Taylor disappointed in way IABA dealt with cancellation of European event

Katie Taylor on her way to defeating Maike Klueners last Sunday night in Dublin. photograph: inpho

Katie Taylor on her way to defeating Maike Klueners last Sunday night in Dublin. photograph: inpho

 

Outside the ring Katie Taylor’s world is a remove from boxing and this past week you could understand why.

Following hard on the heels of the loudly-trumpeted Elite National Championships being hastily moved from City West to the National Stadium to the recent cancellation of the international against Poland and the postponement by diktat of this year’s women’s European Championships – all done with absolutely no explanation – Taylor is quietly looking into a year where just the European Union Championships in June are her lone goal.

That her European Championships have been moved to 2014 is of little comfort to her in the year after her London Olympic gold.

The World Championships are on next year too and in 2016 the prospect of the European and World Championship as well as the Olympic Games being run in one year followed by a year of nothing significant should send alarm bells ringing. Not in boxing.

“I was very disappointed the way I was told about it [European Championship cancellation] and treated by the association these last few weeks. I feel I should have been the first to hear about it,” said the European, World and Olympic champion.

“To be told by a journalist that they were cancelled, I felt hard done by. I’d been training for the European Championships these past few months.”

And there’s more. That Olympic silver and bronze medallists John Joe Nevin and Paddy Barnes didn’t take part in the Elite finals just months after London was unfortunate too. Both had good reasons to skip the domestic competition but Barnes appearing on television in Carl Frampton’s corner at his European bout in the week he should have been competing didn’t look great.

No explanation

The Polish vice-president Mustapha Kocinoglu was in attendance at the Elite finals last weekend too but neglected to explain why Poland would not be fulfilling the international fixture this weekend. That might also have been seen as boorish at best.

Earlier this week Taylor was sanguine about the future. Having won the last four EU championships her goal is to keep her records intact and continue to evolve.

Standing still, as she may have discussed during an Adidas photo shoot with Irish rugby player Brian O’Driscoll, is not an option.

“There is so much I have to improve on,” she says. “At the moment we’re working a lot on power and speed and my leg strength as well. Just little small things. If you improve on one small thing that makes a huge difference in those really big fights.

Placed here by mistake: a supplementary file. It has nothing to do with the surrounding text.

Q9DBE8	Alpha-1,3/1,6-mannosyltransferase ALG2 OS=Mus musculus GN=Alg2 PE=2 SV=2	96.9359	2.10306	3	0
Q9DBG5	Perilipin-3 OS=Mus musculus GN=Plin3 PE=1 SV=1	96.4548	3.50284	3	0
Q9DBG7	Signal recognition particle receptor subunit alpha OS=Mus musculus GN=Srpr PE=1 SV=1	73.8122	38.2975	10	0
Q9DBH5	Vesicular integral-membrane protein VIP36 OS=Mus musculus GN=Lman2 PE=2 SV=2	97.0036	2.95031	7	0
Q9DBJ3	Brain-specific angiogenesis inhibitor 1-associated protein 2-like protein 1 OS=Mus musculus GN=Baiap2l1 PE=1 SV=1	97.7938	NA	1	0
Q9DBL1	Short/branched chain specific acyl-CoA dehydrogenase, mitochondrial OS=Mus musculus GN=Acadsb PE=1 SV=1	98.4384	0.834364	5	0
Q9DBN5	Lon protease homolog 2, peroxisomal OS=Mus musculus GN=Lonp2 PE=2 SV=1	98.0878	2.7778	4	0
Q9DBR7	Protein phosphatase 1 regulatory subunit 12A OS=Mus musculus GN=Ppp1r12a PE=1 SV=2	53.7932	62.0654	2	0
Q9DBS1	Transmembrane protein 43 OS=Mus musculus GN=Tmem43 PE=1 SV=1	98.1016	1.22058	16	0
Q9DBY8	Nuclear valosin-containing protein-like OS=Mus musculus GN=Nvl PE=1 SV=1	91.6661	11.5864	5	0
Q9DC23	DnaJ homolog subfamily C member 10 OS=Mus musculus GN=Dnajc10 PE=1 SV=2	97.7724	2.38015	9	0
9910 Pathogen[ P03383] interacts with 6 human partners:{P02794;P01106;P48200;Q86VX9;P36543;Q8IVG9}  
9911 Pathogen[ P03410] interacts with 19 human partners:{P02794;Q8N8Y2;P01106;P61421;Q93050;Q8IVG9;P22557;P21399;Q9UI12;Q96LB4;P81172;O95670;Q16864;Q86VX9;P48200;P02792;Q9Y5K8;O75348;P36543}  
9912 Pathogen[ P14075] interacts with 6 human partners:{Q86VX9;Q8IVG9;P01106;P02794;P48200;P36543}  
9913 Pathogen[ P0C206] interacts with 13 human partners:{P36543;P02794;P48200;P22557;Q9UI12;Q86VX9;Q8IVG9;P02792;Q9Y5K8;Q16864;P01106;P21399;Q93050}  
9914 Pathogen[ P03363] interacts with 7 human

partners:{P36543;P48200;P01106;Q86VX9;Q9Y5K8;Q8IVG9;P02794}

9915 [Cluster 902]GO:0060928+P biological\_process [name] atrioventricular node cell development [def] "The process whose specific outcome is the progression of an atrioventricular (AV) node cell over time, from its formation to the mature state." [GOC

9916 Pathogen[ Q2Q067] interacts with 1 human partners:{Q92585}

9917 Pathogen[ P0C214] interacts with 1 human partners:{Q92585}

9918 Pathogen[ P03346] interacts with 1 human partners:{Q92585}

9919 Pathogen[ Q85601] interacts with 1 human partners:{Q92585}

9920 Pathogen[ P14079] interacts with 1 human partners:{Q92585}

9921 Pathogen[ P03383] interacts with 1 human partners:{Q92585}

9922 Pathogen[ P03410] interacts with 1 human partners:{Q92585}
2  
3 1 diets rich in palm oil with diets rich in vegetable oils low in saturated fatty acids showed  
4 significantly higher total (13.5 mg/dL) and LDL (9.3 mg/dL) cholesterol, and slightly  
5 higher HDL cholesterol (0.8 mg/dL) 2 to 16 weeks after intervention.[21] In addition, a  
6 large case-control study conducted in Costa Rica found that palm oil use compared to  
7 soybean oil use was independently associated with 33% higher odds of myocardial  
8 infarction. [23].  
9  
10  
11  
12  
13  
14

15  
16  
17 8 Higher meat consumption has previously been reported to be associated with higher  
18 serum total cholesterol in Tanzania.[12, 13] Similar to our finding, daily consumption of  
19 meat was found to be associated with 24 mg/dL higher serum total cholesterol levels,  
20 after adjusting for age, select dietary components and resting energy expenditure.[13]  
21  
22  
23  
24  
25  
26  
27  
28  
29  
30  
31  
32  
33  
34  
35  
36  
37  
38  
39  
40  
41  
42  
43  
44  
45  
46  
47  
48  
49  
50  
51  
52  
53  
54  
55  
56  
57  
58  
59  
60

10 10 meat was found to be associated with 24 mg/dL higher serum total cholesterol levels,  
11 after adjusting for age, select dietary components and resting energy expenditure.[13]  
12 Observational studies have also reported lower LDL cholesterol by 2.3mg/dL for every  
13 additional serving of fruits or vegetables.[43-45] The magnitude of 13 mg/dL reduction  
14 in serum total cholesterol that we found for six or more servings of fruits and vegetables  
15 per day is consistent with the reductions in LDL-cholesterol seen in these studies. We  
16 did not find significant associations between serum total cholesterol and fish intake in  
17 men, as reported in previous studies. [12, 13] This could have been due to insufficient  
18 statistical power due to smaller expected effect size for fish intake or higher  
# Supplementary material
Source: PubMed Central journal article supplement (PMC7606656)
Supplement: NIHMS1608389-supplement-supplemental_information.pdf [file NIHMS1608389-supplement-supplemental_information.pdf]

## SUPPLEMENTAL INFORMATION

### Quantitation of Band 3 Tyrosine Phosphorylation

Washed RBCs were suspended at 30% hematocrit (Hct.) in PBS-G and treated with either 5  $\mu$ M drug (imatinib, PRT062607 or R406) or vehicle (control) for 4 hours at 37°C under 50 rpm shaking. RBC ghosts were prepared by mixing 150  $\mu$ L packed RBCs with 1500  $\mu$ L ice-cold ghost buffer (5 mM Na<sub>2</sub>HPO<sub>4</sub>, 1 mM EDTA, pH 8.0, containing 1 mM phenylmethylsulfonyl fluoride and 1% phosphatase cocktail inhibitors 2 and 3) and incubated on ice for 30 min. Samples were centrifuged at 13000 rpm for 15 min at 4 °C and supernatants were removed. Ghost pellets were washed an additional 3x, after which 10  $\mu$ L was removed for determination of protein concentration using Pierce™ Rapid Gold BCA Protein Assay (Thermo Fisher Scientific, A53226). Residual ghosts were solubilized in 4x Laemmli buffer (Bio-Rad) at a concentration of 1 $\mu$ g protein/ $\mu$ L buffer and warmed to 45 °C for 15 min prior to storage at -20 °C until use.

“It’s important to always reinvent yourself for every competition. You stay so consistent across the years but people have videos of you boxing and in every competition you try to bring something new. It’s important to stay one step ahead all the time.”

Four-time winner

A four-time winner of the EU Championships, she will not meet two of the Olympic fighters she defeated in London last summer, Mavzuna Chorieva or Sofya Ochigava, as the Hungarian event is confined to the 27 European Union countries. But Taylor could meet Britain’s Natasha Jonas, the first of her lightweight Olympic wins.

“She will be there. It would be a great fight,” said Taylor. “We were trying to get her over here for one of the fights but it just didn’t happen. It would be great to meet her again but there are plenty of girls there aside from Jonas too . . . it’s great to have that gold medal but I am not sitting back now. I have a lot to work on and I feel I have a lot to give still.”

For a sport in dire need of promotion Taylor is a rare gift that has landed in its lap, yet the local and international associations knock her. She will thrive at the EU Championships because her career has largely been alone.

Barnes and Nevin, if selected, and Michael Conlan have their summer European Championships in Belarus as scheduled. Given recent events and the thriving discourtesies in boxing those championships could become a significant test for the sport in Ireland.

The Irish Times Logo
Commenting on The Irish Times has changed. To comment you must now be an Irish Times subscriber.
SUBSCRIBE
GO BACK
Error Image
The account details entered are not currently associated with an Irish Times subscription. Please subscribe to sign in to comment.
Comment Sign In

Forgot password?
The Irish Times Logo
Thank you
You should receive instructions for resetting your password. When you have reset your password, you can Sign In.
The Irish Times Logo
Please choose a screen name. This name will appear beside any comments you post. Your screen name should follow the standards set out in our community standards.
Screen Name Selection

Hello

Please choose a screen name. This name will appear beside any comments you post. Your screen name should follow the standards set out in our community standards.

The Irish Times Logo
Commenting on The Irish Times has changed. To comment you must now be an Irish Times subscriber.
SUBSCRIBE
Forgot Password
Please enter your email address so we can send you a link to reset your password.

Sign In

Your Comments
We reserve the right to remove any content at any time from this Community, including without limitation if it violates the Community Standards. We ask that you report content that you in good faith believe violates the above rules by clicking the Flag link next to the offending comment or by filling out this form. New comments are only accepted for 3 days from the date of publication.